My view is for Govt to, ideally, invest heavily in infrastructure during the downturns.... but that would require visionary leadership.
eg.. The best time for the Govt to have done something about the Auck. housing crisis was back in 2010 when the NZ building industry was in the depths of depression.... the worst since the great depression.

There were enuf commentators suggesting this back in 2010 , which shows, to me, that foresight is possible.... that wise visionary leadership is a possibility... ie... a longer term roadmap....?

Seems arse about face ramp up infrastructure investment when the construction sector is already at full speed.
Seems arse about face to have full -on immigration without having an infrastructure plan/budget in place.., beforehand ??

they will do this to keep the ponzi going but it makes ZERO sense. Because we cant even afford to maintain the infrastructure we already have ... and its going to get worse. The easy fossil fuel is done (which is what we built most of our stuff with).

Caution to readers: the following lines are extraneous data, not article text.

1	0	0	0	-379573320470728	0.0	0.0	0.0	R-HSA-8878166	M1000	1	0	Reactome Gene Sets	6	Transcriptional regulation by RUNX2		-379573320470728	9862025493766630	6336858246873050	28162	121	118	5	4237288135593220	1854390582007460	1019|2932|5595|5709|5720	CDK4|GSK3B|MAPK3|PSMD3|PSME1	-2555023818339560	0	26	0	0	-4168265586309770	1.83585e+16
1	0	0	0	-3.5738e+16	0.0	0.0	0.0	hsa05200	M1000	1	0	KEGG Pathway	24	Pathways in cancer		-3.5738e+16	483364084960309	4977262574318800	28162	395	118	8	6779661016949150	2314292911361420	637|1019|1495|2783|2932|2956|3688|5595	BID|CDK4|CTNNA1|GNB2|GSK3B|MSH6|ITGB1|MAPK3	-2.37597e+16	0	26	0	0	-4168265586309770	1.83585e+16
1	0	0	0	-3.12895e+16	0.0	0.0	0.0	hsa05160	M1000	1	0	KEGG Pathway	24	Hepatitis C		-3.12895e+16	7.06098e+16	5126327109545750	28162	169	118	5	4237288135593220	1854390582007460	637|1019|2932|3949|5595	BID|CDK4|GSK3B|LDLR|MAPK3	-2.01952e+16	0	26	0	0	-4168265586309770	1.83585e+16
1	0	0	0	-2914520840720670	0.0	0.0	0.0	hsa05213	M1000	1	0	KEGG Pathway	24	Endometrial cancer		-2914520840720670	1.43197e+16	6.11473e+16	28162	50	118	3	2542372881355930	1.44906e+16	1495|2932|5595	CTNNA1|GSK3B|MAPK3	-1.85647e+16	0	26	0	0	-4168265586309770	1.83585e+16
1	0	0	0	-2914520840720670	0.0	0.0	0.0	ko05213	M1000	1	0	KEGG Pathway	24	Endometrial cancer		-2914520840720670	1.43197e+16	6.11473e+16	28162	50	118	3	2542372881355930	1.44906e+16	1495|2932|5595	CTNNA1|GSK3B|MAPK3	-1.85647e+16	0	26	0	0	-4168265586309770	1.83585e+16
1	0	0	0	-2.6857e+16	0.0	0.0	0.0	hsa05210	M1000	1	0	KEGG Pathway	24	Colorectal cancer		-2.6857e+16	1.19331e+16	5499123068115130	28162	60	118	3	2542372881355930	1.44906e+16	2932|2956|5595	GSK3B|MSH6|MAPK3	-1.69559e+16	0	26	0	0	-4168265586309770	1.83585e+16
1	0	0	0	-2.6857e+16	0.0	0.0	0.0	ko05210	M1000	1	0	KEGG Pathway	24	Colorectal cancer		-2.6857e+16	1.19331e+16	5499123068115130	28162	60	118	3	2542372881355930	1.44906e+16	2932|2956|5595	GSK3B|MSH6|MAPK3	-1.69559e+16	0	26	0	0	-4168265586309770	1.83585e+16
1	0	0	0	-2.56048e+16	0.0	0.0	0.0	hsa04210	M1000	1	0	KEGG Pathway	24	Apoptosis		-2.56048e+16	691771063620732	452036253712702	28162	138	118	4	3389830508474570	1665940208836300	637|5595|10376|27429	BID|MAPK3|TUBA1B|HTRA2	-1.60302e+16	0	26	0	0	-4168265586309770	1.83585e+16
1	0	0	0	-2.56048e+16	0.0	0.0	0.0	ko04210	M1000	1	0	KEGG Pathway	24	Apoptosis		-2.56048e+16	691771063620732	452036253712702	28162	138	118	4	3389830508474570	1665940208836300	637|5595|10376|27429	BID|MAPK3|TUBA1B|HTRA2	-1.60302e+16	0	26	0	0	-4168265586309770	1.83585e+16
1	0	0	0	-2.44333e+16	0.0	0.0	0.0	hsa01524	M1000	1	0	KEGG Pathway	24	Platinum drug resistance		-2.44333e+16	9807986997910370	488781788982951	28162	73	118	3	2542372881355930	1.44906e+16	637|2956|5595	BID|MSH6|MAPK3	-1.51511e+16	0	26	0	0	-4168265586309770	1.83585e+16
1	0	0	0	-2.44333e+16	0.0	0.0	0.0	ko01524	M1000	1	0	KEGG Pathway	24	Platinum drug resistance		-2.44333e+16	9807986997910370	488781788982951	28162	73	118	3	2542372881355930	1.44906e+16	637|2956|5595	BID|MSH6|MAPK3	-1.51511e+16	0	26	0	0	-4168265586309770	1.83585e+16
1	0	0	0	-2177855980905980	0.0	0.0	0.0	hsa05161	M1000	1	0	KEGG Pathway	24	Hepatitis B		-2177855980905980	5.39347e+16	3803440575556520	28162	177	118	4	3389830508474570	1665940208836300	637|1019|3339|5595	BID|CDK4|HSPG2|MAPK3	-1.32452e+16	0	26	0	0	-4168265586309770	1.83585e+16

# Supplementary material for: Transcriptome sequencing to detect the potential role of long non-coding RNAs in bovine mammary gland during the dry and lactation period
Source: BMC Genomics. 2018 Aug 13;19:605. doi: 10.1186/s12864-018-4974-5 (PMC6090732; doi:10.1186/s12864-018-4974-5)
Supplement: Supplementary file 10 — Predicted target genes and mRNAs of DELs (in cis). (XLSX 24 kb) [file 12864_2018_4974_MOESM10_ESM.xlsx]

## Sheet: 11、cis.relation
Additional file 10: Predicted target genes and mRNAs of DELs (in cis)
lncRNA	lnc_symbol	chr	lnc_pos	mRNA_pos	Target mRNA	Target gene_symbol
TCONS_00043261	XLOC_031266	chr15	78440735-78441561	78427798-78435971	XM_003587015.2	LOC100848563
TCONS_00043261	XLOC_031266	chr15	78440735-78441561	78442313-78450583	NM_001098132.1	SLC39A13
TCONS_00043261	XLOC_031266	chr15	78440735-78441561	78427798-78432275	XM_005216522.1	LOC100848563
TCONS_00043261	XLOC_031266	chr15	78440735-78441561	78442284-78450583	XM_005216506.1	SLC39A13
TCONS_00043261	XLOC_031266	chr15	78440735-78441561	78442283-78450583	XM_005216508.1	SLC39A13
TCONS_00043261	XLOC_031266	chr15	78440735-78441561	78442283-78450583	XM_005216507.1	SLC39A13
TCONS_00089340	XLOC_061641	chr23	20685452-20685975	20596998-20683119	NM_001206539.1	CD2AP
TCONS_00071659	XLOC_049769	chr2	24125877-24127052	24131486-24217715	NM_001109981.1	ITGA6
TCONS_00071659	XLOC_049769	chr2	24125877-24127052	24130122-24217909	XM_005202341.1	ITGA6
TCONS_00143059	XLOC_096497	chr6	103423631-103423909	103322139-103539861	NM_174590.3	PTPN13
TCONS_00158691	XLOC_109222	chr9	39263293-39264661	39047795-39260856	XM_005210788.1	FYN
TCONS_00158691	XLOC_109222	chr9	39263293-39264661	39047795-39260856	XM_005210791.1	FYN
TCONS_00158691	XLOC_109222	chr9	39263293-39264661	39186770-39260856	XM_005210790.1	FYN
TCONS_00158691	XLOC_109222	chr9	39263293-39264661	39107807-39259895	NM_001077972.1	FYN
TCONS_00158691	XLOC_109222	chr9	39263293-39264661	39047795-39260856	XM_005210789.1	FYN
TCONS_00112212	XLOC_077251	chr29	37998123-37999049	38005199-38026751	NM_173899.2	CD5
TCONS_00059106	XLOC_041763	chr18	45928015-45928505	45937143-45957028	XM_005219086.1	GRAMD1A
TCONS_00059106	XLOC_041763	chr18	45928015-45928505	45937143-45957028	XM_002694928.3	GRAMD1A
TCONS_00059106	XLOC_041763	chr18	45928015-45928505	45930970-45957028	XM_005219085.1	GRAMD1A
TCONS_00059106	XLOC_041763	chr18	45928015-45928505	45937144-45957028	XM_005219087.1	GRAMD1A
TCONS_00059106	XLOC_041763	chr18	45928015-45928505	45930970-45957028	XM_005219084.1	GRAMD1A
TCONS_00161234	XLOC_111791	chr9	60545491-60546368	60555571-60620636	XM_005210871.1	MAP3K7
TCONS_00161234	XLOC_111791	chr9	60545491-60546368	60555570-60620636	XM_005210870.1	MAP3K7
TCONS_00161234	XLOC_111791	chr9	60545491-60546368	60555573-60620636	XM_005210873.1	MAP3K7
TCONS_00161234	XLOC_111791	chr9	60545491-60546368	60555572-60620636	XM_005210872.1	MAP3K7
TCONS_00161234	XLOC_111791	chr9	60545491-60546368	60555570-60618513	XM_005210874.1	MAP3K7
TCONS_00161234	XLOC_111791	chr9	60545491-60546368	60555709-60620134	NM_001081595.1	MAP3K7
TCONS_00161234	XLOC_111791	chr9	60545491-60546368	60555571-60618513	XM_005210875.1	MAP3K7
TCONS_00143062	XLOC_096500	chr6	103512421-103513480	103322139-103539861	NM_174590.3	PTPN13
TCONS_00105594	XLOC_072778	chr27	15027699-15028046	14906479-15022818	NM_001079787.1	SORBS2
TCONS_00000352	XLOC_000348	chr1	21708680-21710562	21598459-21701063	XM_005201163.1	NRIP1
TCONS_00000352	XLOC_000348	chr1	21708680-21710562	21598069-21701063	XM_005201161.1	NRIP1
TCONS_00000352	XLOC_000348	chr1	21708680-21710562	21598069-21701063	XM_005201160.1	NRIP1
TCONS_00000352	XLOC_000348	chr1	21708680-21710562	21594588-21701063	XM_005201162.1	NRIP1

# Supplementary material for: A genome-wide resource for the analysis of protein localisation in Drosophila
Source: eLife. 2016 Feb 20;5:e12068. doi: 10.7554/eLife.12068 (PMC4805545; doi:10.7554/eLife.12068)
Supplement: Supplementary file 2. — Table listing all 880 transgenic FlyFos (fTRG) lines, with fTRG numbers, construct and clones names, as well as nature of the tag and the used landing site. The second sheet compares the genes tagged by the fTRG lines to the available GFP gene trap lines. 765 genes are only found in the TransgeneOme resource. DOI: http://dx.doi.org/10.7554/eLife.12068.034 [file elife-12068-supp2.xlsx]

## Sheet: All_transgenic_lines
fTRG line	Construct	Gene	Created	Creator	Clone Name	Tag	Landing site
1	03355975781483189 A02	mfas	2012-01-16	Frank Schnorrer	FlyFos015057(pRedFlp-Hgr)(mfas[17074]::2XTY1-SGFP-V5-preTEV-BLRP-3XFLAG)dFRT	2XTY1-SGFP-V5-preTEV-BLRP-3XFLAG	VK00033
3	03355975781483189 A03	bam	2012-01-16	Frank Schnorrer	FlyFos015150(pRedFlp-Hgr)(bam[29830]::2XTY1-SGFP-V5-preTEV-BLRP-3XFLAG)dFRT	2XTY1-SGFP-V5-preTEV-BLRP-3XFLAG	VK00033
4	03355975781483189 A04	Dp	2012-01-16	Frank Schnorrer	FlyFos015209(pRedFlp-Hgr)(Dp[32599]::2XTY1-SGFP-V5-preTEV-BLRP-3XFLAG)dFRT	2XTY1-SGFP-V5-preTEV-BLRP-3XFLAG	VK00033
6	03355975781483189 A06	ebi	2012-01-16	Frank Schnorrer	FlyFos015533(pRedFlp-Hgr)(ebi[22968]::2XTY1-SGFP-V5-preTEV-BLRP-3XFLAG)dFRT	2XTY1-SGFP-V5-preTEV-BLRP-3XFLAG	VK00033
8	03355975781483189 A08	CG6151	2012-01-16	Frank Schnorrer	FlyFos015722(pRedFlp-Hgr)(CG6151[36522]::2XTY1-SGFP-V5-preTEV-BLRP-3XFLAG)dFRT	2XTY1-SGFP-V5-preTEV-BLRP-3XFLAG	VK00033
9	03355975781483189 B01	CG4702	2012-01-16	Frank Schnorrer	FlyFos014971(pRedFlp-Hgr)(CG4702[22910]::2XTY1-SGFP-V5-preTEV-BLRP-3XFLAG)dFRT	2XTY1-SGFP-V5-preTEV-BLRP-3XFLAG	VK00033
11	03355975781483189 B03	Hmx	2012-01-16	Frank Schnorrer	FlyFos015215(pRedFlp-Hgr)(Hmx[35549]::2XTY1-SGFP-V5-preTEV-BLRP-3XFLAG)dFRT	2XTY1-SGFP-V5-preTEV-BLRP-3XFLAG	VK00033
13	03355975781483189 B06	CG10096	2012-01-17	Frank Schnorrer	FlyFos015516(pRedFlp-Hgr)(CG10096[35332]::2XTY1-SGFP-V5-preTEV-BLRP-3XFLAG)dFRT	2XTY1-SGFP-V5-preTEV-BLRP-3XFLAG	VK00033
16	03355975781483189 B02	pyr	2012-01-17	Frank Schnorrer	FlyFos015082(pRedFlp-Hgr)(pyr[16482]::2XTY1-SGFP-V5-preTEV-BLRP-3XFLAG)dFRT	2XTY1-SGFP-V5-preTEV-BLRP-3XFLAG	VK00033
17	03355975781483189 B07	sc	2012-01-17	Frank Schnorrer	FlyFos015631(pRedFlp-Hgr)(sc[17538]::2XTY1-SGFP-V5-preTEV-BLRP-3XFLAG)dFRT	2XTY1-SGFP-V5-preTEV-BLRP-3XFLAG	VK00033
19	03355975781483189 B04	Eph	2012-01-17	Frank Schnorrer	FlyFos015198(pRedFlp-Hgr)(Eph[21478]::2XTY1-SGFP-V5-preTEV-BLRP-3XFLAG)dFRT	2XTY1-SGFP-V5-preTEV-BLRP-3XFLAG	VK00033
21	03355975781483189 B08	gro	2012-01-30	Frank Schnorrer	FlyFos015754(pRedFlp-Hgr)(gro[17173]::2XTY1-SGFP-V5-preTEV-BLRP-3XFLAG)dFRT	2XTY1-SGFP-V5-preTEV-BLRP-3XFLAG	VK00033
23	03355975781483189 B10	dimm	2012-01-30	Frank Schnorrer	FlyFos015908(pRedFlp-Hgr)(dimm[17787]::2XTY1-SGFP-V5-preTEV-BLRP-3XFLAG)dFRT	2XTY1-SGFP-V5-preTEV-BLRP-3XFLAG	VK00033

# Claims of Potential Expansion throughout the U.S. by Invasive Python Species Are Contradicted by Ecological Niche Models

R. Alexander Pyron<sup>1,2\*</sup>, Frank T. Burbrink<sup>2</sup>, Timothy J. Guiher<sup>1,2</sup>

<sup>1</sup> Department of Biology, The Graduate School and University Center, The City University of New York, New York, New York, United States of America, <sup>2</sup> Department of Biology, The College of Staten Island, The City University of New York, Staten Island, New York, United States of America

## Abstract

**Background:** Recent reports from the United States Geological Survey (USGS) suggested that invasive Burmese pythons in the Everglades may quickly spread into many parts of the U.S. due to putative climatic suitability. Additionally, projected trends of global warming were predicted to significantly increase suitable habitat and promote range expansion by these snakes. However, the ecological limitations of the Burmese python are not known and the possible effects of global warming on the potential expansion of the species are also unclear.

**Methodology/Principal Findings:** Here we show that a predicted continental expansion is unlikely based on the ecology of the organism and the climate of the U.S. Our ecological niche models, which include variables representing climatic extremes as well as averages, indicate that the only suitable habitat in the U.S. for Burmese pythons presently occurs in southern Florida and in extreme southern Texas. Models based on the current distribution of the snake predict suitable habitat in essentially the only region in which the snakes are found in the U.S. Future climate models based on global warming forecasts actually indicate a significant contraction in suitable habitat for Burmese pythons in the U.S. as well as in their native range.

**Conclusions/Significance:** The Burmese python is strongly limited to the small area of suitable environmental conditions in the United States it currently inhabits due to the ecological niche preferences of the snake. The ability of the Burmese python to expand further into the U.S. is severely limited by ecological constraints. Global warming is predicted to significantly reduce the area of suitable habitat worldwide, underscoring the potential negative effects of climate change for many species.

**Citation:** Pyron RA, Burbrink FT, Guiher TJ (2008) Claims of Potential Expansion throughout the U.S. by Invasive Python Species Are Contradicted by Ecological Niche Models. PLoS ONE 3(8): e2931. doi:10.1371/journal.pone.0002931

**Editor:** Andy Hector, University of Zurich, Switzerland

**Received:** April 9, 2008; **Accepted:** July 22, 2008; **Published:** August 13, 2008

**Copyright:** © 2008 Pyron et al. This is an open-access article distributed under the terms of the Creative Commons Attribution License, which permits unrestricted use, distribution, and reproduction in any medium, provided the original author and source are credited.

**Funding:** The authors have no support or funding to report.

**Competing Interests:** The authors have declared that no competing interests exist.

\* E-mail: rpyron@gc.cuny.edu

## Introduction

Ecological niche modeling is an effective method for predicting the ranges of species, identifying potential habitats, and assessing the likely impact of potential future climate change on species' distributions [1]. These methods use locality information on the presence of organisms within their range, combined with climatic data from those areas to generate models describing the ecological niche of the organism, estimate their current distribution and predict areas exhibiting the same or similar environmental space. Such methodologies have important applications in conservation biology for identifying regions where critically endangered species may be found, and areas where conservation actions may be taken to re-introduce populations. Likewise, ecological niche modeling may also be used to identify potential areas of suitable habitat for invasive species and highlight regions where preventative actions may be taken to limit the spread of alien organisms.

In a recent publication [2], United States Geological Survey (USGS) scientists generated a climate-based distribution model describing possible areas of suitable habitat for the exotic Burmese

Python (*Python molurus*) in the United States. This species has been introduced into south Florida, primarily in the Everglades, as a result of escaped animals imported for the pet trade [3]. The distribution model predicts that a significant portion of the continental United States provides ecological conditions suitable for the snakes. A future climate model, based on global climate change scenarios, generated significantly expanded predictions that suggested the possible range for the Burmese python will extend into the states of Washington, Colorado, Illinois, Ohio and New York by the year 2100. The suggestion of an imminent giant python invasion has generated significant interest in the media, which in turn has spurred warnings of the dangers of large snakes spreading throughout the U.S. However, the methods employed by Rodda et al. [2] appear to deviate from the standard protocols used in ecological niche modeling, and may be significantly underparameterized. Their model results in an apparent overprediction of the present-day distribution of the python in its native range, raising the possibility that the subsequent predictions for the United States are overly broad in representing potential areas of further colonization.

If it was just a matter of keeping money circulating it sounds logical, but we arent short of money, we are short of resources.

ham n eggs,

You keep repeating that we are short of resources,but I have never seen you provide any evidence for that assertion yet. Of course,one day we will be short of fossil fuels,but not yet. I could give you a lot of figures for global shale gas and oil,most of which has not yet been exploited. Some of it will be too difficult for geological reasons and some would only make economic sense at much higher prices. Meanwhile,much more solar and wind power energy is being created. Again,I have good data from sources such as the US Dept. of Energy. Elon Musk is developing an electric truck and Zunum Aero-backed by Boeing,is looking to develop a short-haul hybrid 'plane. Will they succeed? I don't know,but the point is that the world is becoming more energy efficientso fossil fuel use will lessen over the next 20/30 years,while we adjust to a post-carbon world.

Any evidence? Ask every other living mammal if theres a resource shortage!!
But if you want an interesting presentation, try this

The Oil shortage comes from the affordability you mention ( your words.. "some would only make sense at much higher prices") .... but unless we can lift wages across the board (in effect increase NET energy available across the board), we cant "afford" these high prices ... so OIl prices keep collapsing ...